Justified Season Premiere Review: “Hole In The Wall” (Season 4, Episode 1)


Justified Season Premiere Review: “Hole In The Wall” (Season 4, Episode 1)

As I wrote when putting it in my top 10 list of best shows from last year, Justified’s approach to storytelling is old hat at this point. The first half of every season is mostly made up of one-off, case of the week episodes that pepper in the overarching seasonal plot throughout. The back-end then slowly shifts the balance, and by the last few episodes, Raylan Givens’ collision course with the heavies floating around the fringes of Harlan County comes into sharp focus. It’s a structure that a lot of basic cable dramas follow, placing the narrative requirements of each episode somewhere between the procedural comfort of network TV, and the meticulous, novelistic planning of HBO.

It makes for a delicate operation, wherein the writers are building a house of cards out of a deck they made themselves. The real trick is in how deftly you weave the far-reaching groundwork into each standalone episode, making the ultimate payoff both unexpected, and well supported given the buildup. At its best, you get something like Terriers, which mastered the chemistry beautifully during its one, and only season; at its worst, you get season six of Dexter, where everybody figured out the late game twist three episodes in, and no one had any fun afterwards.

What separates Justified from a lot of shows that use this playbook, is that it’s figured out ways of experimenting from within the confines of a familiar structure. Four seasons in, what could be (crudely) described as a cops’n’robbers show, is still one of the most unpredictable, yet reliably great things on TV. Sure, every season Raylan faces down a different faction vying for control of Harlan’s drug trade, and the drug of choice seems to change with the players, but the subtle tweaks each year create a distinctive feel. Season one introduced us to the show’s take on the formula, and season two tuned it to perfection. Season three saw the show stretching its legs creatively, seeing how many factors could be thrown into the melting pot. It occasionally came close to spoiling the stew as a whole, but the ingredients themselves were still delectable.

Season four continues Justified’s trend of playing around with the rules, but only one episode in, it already looks like we’ve got a fantastic year ahead of us. The show has grown Harlan County into a rich, unique setting, but the more engrossing each new nook and element is, the odder its sudden introduction into the tapestry can feel. Taking that concern to a comical extreme, the premiere opens with a new plot literally falling out of the clear blue sky, as a little corner of Kentucky suburbia, circa 1983, gets a surprise visitor. “It sure as shit ain’t Santa Clause,” remarks a stunned, hen-pecked husband, staring at a drug-packing parachutists, who’s load, bones, and brains have spilled out onto the street, following a hard landing. D.B. Cooper, this guy wasn’t.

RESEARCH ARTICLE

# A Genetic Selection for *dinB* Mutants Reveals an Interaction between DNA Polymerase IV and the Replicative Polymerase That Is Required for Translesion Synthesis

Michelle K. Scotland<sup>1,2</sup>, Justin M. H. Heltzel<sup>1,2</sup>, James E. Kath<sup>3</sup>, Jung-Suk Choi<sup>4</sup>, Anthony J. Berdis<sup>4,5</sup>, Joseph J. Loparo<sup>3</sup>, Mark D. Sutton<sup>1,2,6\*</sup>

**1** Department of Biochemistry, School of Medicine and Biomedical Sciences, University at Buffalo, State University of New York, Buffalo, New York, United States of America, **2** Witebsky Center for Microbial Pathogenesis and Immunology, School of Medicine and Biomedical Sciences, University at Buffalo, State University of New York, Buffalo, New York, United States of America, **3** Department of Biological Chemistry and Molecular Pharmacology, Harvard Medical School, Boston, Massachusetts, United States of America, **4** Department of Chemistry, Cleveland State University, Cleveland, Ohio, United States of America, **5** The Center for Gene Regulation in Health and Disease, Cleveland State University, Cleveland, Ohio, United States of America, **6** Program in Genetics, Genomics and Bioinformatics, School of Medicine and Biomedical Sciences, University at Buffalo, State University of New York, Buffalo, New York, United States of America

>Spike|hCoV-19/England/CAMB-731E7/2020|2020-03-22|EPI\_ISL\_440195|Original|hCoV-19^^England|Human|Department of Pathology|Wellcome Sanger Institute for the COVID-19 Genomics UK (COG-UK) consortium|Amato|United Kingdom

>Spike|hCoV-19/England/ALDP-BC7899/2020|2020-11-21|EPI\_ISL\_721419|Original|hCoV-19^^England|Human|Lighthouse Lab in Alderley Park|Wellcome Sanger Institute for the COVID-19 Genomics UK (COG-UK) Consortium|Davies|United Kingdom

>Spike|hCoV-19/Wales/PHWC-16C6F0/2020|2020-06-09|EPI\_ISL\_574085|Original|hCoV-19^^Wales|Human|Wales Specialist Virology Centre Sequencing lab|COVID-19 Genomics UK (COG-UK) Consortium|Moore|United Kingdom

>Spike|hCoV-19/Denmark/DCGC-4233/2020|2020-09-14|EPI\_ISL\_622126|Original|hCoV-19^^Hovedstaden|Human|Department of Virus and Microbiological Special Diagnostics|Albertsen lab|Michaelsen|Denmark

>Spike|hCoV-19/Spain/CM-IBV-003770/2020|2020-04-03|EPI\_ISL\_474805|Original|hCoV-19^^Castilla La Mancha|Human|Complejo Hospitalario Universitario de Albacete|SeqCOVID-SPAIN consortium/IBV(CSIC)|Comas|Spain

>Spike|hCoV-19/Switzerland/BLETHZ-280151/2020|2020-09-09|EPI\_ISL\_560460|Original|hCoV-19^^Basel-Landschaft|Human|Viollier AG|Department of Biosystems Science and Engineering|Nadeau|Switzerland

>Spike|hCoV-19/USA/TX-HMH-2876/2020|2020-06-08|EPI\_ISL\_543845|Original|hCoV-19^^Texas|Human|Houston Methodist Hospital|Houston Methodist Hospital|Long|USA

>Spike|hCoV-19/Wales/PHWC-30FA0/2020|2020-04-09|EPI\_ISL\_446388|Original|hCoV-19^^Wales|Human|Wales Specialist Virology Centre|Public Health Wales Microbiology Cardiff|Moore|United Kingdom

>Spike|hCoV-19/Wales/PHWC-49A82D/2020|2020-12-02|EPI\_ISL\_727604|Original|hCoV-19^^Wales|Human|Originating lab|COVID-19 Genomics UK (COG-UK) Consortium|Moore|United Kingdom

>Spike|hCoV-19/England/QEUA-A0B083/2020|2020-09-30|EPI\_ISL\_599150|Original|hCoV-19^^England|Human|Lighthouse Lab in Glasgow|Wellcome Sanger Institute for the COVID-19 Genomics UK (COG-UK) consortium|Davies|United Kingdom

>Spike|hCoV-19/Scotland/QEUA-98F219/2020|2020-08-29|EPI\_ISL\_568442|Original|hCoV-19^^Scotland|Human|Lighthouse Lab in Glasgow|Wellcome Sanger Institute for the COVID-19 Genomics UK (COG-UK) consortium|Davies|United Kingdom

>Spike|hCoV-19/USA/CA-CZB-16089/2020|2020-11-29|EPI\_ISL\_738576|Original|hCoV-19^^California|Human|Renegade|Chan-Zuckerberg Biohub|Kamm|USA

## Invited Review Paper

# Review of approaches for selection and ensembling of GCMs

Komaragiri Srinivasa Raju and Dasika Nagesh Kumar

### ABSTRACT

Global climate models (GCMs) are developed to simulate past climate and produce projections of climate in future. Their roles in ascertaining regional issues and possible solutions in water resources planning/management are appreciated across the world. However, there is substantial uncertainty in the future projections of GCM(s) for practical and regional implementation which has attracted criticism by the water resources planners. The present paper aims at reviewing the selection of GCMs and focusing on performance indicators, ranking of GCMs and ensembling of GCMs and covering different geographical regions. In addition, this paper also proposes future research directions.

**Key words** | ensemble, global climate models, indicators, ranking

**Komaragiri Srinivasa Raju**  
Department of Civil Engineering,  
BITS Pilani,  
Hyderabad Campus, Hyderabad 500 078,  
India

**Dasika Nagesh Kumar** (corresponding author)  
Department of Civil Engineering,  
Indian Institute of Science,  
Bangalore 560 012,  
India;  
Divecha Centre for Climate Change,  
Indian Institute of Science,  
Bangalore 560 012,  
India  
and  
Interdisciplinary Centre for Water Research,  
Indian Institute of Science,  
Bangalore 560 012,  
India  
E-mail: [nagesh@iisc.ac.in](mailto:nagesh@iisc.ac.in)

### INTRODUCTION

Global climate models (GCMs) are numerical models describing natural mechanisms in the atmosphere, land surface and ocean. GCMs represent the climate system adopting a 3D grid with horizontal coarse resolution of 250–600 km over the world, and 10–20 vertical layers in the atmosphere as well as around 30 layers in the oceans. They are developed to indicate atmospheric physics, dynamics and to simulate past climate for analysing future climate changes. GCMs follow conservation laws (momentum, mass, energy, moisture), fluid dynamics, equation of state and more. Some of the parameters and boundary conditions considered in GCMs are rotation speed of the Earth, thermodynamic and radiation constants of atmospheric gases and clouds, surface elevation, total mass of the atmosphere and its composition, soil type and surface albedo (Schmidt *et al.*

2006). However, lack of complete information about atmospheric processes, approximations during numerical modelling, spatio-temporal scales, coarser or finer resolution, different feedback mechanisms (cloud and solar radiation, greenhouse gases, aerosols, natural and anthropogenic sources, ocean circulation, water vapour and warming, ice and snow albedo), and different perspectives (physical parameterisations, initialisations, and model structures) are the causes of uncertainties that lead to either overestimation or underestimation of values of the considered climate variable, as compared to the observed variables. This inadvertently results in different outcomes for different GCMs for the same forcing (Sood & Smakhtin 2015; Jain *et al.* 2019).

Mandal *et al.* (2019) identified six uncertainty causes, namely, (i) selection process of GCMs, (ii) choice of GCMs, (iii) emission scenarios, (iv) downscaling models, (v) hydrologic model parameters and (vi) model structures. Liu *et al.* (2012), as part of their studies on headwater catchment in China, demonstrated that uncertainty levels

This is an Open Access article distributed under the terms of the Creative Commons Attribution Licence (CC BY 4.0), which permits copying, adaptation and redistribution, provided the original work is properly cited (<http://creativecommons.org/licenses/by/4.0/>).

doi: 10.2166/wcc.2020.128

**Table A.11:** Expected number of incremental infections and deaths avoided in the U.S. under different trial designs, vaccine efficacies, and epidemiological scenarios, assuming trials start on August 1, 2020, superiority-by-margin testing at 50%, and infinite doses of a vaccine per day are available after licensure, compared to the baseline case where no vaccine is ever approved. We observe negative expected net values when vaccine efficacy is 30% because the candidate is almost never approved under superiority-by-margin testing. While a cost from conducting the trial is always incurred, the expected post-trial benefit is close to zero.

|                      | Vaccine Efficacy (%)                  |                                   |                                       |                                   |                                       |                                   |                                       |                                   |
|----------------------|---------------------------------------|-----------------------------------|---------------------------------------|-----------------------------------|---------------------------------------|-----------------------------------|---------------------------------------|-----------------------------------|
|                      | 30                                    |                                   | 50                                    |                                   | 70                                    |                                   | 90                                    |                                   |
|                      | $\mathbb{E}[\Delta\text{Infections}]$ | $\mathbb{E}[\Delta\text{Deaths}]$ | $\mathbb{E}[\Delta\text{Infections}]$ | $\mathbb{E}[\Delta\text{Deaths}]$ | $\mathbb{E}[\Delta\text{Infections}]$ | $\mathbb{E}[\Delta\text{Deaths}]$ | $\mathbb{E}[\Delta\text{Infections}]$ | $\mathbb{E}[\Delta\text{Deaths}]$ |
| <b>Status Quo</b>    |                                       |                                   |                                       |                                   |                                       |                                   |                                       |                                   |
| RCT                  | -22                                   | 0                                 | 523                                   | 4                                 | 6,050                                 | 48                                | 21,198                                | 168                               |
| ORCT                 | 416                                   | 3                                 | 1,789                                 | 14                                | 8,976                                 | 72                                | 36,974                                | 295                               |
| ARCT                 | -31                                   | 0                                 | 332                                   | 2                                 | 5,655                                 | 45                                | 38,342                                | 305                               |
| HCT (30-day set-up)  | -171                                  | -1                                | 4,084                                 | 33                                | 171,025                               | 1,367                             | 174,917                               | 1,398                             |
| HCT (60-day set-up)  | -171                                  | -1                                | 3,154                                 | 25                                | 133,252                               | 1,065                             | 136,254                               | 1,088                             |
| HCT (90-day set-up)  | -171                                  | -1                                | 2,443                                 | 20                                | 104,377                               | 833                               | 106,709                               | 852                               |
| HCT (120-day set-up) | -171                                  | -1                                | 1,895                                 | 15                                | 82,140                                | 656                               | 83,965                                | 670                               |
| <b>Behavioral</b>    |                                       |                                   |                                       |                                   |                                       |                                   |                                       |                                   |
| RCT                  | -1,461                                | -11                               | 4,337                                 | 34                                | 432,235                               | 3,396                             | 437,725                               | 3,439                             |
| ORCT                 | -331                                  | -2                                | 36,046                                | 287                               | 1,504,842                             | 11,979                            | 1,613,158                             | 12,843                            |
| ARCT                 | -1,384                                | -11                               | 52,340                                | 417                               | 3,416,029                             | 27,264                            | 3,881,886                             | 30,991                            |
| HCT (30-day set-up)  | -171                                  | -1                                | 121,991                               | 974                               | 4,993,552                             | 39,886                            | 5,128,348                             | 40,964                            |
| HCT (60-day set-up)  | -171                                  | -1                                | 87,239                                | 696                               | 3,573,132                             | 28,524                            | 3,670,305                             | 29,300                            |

What does that have to do with present day Raylan? Not much, initially. He’s too busy taking on odd jobs for old (intimate) friends, this week chasing down a state line-crossing con. Like the parachutist, the fugitive is something of a failed imitator, as he forgot that Omar Little’s rule number one for sticking up heroine dealers is to not get caught. Among the show’s most valuable strengths has been its ability to flesh out the person Raylan’s chasing, from a target into a character, in record time. This week was no different, both for the bounty, and the pair of teens that make Raylan’s quick cash-grab more complicated than it initially seems. After busting open a titular hole in the wall at the vacant Givens family home, the two happen upon a marked bag that we saw in the flashback.

The teens are chased off by the arrival of Constable Bob Sweeney, who is already my favorite new addition, and not just because he’s played by Patton Oswalt, and-how-weird-is-that? Taking one of the most authentic voices of geek comedy and sticking him into an Elmore Leonard novel was an inspired bit of casting, but its complemented by even more inspired characterization that has Oswalt playing more strongly against type than usual. It’d be easy to make Sweeney the bumbling Robin to Raylan’s Batman, and to an extent he is. Police lights can’t make a rickety station wagon anymore authoritative than it first appears, and his pocketknife looks awfully inadequate compared to Raylan’s Glock, no matter how quick on the pull he is.

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